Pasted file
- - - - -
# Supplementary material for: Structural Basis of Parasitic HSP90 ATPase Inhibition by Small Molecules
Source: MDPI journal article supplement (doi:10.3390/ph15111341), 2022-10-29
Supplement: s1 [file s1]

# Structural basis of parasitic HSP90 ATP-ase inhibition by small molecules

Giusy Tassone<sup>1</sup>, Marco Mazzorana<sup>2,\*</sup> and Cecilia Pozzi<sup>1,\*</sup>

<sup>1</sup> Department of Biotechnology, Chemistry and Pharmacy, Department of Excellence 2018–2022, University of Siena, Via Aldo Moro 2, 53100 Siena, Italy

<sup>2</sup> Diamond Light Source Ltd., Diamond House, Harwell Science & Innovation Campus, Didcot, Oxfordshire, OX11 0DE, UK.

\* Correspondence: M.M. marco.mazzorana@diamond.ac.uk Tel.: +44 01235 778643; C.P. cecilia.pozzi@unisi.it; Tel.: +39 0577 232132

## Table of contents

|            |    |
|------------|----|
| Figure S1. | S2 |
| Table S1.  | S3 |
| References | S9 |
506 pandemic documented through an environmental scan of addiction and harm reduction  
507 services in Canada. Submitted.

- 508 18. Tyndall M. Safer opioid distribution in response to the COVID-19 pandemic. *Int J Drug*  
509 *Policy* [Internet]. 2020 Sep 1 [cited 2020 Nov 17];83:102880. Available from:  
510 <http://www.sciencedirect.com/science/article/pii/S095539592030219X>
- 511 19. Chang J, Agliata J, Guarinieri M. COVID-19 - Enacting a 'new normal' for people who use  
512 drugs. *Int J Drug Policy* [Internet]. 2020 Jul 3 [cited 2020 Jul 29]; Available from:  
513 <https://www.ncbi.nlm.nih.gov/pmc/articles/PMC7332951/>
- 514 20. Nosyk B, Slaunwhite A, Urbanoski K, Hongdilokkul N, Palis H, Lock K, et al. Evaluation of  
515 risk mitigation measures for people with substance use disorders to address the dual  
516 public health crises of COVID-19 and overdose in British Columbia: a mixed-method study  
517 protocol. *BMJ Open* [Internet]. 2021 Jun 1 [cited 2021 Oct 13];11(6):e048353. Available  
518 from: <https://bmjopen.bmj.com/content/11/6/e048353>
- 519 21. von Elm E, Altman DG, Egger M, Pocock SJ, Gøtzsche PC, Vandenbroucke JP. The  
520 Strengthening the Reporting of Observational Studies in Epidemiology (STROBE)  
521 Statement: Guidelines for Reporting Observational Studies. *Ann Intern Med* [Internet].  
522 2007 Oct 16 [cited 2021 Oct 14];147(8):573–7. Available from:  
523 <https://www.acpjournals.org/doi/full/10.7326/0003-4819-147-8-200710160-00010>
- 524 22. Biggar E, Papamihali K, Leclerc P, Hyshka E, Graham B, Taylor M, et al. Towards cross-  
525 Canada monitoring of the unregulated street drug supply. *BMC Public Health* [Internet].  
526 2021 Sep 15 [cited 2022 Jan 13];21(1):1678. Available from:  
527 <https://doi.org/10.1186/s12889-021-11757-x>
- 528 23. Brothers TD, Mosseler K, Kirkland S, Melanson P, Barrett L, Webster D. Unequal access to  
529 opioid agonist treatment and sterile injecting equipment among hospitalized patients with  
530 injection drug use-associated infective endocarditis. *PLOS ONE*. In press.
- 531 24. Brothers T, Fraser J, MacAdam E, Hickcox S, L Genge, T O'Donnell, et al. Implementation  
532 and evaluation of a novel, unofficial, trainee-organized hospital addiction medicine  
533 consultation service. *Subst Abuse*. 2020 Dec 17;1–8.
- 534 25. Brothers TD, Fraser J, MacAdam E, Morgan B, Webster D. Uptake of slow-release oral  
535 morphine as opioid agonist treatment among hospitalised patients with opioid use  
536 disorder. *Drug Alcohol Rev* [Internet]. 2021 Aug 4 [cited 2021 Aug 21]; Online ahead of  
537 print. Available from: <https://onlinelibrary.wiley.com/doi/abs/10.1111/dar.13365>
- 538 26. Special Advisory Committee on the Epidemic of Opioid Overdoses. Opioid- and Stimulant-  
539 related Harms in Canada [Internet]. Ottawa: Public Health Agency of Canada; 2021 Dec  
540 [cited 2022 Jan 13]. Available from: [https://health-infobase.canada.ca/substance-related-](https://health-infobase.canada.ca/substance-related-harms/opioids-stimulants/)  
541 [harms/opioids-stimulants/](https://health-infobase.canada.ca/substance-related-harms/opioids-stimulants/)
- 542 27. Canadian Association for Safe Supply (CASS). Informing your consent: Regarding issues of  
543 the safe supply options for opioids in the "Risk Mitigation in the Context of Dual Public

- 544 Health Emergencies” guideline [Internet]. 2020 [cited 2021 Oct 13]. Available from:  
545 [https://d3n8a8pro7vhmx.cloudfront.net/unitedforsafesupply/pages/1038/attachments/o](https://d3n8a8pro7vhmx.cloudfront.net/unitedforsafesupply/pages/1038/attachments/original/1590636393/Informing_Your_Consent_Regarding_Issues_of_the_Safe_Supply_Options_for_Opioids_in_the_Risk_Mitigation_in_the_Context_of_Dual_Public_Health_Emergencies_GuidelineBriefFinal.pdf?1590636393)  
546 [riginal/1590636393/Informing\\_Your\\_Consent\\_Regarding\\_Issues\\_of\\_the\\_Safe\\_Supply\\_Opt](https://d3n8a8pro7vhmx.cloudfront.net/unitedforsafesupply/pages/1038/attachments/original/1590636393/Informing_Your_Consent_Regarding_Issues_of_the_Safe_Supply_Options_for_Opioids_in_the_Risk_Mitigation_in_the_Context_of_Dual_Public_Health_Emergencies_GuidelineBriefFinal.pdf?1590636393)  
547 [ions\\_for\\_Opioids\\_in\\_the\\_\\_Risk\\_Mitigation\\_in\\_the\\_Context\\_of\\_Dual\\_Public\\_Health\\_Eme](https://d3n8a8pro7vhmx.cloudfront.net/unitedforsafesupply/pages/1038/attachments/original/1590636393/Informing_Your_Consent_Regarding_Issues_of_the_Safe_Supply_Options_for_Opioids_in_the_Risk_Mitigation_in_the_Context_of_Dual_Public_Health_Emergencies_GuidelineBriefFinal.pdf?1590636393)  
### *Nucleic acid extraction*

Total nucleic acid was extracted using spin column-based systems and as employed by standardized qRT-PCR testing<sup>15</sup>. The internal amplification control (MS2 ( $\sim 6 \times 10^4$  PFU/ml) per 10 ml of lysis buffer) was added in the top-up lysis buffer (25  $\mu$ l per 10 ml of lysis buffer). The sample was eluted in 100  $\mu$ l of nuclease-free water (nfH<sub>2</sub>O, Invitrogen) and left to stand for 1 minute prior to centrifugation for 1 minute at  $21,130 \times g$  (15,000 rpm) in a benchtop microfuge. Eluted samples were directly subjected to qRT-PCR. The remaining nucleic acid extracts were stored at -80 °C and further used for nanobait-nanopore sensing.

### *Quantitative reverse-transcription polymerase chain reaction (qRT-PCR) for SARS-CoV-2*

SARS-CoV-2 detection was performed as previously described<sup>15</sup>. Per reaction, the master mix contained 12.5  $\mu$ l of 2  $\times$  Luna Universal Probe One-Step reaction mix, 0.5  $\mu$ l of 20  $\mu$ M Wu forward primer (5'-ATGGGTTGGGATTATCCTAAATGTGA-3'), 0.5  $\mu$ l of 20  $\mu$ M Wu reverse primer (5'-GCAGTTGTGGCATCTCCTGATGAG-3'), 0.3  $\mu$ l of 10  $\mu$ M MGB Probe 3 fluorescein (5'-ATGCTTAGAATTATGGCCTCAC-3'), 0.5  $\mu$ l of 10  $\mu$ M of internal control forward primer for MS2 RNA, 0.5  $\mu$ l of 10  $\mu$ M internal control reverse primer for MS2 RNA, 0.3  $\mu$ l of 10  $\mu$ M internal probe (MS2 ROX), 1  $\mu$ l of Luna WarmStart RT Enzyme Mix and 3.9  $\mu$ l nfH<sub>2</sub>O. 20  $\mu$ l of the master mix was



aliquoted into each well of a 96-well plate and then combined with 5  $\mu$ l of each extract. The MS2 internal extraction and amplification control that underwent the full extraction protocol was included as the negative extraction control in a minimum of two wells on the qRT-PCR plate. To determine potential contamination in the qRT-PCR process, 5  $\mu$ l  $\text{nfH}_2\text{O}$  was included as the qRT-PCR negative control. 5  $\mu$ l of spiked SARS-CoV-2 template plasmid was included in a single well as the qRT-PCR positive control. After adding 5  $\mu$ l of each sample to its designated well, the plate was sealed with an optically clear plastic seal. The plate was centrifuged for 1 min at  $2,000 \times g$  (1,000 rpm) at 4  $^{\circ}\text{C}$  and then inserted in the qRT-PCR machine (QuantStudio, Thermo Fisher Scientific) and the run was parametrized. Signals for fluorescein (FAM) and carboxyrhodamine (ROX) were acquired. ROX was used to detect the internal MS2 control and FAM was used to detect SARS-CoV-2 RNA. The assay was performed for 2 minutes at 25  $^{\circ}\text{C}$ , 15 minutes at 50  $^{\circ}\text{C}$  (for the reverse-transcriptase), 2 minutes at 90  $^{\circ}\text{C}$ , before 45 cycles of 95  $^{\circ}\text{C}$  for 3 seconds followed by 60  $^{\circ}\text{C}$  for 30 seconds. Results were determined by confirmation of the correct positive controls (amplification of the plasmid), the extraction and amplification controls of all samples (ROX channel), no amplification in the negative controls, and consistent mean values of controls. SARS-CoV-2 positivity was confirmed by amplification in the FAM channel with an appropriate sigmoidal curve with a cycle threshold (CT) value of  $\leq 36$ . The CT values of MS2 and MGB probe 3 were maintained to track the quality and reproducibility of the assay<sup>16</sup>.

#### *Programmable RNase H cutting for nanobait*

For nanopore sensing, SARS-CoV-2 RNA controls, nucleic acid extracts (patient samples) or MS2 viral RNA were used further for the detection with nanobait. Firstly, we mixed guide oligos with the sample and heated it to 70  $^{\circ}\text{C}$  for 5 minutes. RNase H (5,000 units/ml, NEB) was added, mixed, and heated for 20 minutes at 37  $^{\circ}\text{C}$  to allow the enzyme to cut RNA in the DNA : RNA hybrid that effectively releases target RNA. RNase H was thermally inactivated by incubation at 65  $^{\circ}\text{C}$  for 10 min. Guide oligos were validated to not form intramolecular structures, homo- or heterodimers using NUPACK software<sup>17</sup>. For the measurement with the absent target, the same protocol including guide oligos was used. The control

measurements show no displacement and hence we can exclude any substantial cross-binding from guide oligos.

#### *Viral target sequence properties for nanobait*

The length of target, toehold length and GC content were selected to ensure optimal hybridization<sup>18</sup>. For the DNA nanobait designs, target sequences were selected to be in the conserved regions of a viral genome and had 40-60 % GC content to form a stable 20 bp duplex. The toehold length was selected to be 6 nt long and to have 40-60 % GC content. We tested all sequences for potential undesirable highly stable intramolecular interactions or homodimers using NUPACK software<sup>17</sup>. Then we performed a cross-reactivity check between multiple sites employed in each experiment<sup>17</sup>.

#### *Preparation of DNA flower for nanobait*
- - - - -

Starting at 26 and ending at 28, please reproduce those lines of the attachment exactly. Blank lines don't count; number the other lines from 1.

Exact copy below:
517 protocol. *BMJ Open* [Internet]. 2021 Jun 1 [cited 2021 Oct 13];11(6):e048353. Available  
518 from: <https://bmjopen.bmj.com/content/11/6/e048353>
- 519 21. von Elm E, Altman DG, Egger M, Pocock SJ, Gøtzsche PC, Vandenbroucke JP. The  